Not since the early days of rock & roll has an African American-driven cultural art taken such a strong hold of mainstream American society as hip-hop.
With roots that go as far back as the zoot-suited, over-the-top braggadocio of big-band leader Cab Calloway and R&B jump-band sensation Louis Jordan, hip-hop began in African- and Caribbean-American dance clubs, discos and block parties in the South Bronx section of New York City in the late Seventies. The movement became identified by four related artistic expressions: the turntable wizardry of the DJ, the rhythmic recitation tradition of the MC, the spray-can dexterity of the graffiti artist and the explosive gymnastics of the break dancer.
Most of the originators of hip-hop, including Kool Herc, D.J. Hollywood and Afrika Bambaataa, were either first or second-generation Americans of Caribbean ancestry. Both Herc and Hollywood are credited with introducing the Jamaican DJ style of cutting and mixing into the South Bronx music scene. Most credit Herc as the first DJ to use two copies of a record on two turntables to mix back and forth, indefinitely extending an instrumental break. DJ Grandmaster Flash invented back spinning, the technique of playing one record while spinning another backwards, and Grand Wizzard Theodore invented scratching – manipulating a record back and forth under the turntable needle. Soon, these skills became part of the standard repertoire of the DJ -- deconstructing and reassembling “found sound,” or “sampling” – using the turntable as an instrument.
"Freedom"Grandmaster Flash and the Furious Five perform "Freedom" at the 2007 Rock & Roll Hall of Fame Induction Ceremony
any sound could be sampled, added to the collage.
Tapes of early DJ block parties circulated throughout the Bronx and other boroughs of New York City, inspiring neighborhood DJs to set up sound systems on their blocks. Sound-system competitions between DJs, like the cutting contests common in the jazz world, were held at city parks, equipment powered by hot-wired streetlamps. DJ Afrika Bambaataa began to branch out from the standard mixing fare of soul, funk and disco tracks by utilizing rock music, TV soundtracks – any interesting sound could be sampled and added to the collage.
By the late 70s, DJs became an attraction of their own, and dancers would stop to watch a skillful turntablist. DJs recruited MCs, or “mic controllers,” to keep people moving by instigating call-and-response or urging the crowd to “get up” or “get down” or “jam on the beat.” Grandmaster Flash’s MCs, the Furious Five, completed rap’s development when they began speaking in rhyme to the music’s rhythm. In 1979, the first rap records appeared – “King Tim III,” by the Fatback Band and “Rapper’s Delight” by the Sugarhill Gang.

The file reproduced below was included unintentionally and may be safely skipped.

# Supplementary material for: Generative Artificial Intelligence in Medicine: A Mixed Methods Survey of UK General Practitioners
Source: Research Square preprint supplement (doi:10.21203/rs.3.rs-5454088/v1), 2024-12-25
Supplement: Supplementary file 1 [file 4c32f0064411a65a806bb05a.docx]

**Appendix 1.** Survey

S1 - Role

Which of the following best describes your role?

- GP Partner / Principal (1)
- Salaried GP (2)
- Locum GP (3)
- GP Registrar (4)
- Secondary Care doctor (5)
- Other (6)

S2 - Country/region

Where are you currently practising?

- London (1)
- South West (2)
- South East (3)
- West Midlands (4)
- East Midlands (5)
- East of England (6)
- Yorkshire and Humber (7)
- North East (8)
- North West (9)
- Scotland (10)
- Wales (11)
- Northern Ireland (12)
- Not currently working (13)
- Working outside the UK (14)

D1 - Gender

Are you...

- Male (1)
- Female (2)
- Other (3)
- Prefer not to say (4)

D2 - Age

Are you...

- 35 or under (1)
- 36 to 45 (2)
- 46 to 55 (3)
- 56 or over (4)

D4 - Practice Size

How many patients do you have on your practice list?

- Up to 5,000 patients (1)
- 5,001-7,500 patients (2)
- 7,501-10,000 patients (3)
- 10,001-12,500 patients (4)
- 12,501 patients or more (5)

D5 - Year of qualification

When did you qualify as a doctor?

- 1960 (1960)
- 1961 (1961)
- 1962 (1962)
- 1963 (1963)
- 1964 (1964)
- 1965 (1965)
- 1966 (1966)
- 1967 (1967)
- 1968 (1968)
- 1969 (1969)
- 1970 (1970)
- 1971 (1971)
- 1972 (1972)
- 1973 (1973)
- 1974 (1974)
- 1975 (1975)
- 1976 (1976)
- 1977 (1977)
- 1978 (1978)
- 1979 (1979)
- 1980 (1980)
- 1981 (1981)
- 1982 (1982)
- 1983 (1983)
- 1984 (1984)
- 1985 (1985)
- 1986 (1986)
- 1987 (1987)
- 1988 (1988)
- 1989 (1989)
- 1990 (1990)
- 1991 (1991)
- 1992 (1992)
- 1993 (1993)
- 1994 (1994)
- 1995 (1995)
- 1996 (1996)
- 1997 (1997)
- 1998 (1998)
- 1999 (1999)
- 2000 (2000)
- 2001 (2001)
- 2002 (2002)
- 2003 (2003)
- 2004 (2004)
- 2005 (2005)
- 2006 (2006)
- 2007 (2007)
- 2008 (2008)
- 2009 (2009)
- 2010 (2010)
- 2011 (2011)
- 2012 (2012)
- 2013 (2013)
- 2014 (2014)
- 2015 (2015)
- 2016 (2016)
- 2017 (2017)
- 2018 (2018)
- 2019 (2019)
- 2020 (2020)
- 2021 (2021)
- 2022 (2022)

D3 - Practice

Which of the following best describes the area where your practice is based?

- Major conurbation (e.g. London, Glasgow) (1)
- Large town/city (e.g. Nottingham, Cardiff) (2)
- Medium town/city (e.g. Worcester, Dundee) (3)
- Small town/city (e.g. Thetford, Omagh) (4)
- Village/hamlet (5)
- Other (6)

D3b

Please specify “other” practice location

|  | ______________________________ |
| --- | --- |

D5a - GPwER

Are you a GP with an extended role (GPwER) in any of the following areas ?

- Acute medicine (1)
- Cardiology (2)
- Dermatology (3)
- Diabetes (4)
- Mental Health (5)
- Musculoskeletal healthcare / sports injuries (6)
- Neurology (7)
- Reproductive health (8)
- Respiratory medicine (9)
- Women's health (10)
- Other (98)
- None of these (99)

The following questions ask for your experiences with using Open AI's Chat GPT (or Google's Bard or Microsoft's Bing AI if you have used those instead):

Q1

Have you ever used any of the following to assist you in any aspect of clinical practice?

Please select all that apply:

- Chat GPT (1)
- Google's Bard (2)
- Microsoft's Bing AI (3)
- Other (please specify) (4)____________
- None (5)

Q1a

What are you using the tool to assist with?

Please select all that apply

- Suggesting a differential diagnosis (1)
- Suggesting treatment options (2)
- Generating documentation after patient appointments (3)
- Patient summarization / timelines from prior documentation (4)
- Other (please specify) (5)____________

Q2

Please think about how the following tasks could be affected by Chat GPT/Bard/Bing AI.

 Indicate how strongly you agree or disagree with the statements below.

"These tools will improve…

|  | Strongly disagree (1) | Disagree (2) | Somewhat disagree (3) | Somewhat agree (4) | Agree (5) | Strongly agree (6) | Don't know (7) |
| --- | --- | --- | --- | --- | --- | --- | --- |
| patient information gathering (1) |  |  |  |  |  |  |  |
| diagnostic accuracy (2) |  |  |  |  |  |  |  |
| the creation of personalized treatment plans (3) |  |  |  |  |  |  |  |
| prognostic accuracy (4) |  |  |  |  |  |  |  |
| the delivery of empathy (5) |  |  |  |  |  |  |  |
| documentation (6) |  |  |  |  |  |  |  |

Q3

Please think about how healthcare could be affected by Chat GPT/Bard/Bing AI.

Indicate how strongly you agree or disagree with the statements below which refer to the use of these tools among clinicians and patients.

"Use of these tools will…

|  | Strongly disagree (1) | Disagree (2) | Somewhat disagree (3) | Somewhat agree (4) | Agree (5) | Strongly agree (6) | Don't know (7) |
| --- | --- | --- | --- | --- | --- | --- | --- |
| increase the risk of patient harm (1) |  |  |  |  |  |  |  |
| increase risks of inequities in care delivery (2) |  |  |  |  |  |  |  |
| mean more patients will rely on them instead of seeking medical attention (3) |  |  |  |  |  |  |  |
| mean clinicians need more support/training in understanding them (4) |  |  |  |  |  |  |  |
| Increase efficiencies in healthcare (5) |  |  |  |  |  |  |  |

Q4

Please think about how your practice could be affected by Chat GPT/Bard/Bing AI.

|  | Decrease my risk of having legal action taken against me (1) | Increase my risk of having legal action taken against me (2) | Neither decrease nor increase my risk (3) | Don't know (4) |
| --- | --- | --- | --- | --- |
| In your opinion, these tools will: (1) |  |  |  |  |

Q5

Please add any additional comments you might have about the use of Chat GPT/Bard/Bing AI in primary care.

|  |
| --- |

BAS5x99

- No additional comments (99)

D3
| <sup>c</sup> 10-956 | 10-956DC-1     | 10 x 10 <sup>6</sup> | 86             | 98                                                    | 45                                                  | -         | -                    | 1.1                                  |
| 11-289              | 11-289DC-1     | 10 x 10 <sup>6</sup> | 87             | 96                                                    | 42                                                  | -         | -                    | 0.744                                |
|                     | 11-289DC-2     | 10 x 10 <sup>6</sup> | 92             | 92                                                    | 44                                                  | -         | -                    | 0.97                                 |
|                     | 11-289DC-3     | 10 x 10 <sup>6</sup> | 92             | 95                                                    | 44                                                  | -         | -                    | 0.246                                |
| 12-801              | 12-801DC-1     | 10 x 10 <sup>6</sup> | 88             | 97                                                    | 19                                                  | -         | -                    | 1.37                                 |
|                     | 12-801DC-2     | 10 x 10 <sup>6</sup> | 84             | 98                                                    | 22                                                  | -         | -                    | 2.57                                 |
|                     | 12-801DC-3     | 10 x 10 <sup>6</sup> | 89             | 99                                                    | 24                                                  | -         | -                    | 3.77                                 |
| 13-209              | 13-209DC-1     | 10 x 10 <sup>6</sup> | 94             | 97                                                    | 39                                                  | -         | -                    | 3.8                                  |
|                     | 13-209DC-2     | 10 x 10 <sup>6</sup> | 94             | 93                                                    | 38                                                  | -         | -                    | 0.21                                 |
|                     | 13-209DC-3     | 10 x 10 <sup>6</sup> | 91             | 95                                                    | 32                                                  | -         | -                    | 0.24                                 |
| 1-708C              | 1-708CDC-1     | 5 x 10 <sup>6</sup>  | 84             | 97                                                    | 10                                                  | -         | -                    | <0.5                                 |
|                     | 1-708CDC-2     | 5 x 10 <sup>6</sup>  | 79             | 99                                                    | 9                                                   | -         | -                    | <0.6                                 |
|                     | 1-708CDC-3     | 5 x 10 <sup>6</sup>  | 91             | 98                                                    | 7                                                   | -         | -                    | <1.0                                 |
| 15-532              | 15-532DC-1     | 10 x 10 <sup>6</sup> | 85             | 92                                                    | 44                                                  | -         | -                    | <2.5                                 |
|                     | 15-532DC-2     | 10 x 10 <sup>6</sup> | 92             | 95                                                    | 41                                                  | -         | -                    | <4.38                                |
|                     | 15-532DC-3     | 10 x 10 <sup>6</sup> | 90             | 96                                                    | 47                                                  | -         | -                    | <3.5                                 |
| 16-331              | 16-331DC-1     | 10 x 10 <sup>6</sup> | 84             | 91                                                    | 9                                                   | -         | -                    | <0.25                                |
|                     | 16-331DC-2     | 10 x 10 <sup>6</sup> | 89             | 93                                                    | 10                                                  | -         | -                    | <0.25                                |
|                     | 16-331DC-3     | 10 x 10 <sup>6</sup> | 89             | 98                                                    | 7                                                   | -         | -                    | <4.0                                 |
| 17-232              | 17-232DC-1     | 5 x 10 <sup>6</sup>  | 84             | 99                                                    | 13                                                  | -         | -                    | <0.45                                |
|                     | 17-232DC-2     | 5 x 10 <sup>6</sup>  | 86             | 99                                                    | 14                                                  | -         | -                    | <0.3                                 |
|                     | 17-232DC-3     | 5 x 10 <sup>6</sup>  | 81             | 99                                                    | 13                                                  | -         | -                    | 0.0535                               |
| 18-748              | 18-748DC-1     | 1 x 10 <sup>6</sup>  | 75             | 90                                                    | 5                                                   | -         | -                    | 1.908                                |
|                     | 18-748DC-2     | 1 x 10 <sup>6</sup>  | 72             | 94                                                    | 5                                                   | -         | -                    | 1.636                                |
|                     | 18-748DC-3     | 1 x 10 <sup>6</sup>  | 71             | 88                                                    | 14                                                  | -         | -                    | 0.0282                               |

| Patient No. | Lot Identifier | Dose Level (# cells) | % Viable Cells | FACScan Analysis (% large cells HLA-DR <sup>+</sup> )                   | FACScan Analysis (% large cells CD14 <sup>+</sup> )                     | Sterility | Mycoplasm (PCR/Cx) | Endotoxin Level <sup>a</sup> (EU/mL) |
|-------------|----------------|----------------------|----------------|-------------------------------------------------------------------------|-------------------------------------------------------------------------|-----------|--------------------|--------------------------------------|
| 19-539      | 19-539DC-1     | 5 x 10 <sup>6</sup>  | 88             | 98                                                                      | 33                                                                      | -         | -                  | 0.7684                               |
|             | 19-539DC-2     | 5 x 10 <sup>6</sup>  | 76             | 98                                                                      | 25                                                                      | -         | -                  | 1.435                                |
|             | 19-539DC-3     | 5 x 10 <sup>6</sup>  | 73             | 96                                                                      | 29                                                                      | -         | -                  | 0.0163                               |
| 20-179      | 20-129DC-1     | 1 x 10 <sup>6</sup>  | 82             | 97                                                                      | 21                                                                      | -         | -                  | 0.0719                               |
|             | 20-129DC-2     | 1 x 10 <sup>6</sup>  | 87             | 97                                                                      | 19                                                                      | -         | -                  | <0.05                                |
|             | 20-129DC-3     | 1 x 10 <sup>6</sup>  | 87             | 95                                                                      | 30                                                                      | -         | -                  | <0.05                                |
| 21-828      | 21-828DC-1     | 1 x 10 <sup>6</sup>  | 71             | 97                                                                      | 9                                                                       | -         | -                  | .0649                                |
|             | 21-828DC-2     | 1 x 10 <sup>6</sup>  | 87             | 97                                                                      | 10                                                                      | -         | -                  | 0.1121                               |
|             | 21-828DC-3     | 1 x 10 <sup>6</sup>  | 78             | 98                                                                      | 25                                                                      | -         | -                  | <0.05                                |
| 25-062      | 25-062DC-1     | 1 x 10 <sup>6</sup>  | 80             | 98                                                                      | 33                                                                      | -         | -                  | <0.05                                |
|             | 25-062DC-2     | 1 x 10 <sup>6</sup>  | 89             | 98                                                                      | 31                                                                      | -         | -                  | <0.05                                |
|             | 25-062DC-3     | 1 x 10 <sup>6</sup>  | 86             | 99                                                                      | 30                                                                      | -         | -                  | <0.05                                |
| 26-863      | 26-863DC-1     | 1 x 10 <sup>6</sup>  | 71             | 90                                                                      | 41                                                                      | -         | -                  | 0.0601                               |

"Bring the Noise"Public Enemy performs "Bring the Noise" at the 2013 Rock & Roll Hall of Fame Induction Ceremony
"Bring the Noise"
In 1986, hip-hop reached the Top 10 with “(You Gotta) Fight for Your Right (to Party!)” by the Beastie Boys and “Walk This Way” by Run-DMC and Aerosmith. Both tracks signaled the diversification of hip-hop started by Afrika Bambaataa when he sampled his first rock record at a dance – by letting white America in on the party, as both performers and audience.
In its more than 35-year existence, hip-hop has transformed itself as much as it has transformed the culture. Like a griot, hip-hop functions as a voice for a community without access to, or interest in, the mainstream media. Sometimes it has served, as Public Enemy’s Chuck D has said, as “Black America’s CNN.” Hip-hop reflects the culture from which some of it arises – the violence, despair, the sexism – and gives vent to its frustrations. What is clear, is that its main concerns, from simple human relationships to the burning social questions of the day, echo those of early rock & roll. Hip-hop just pumped up the volume.
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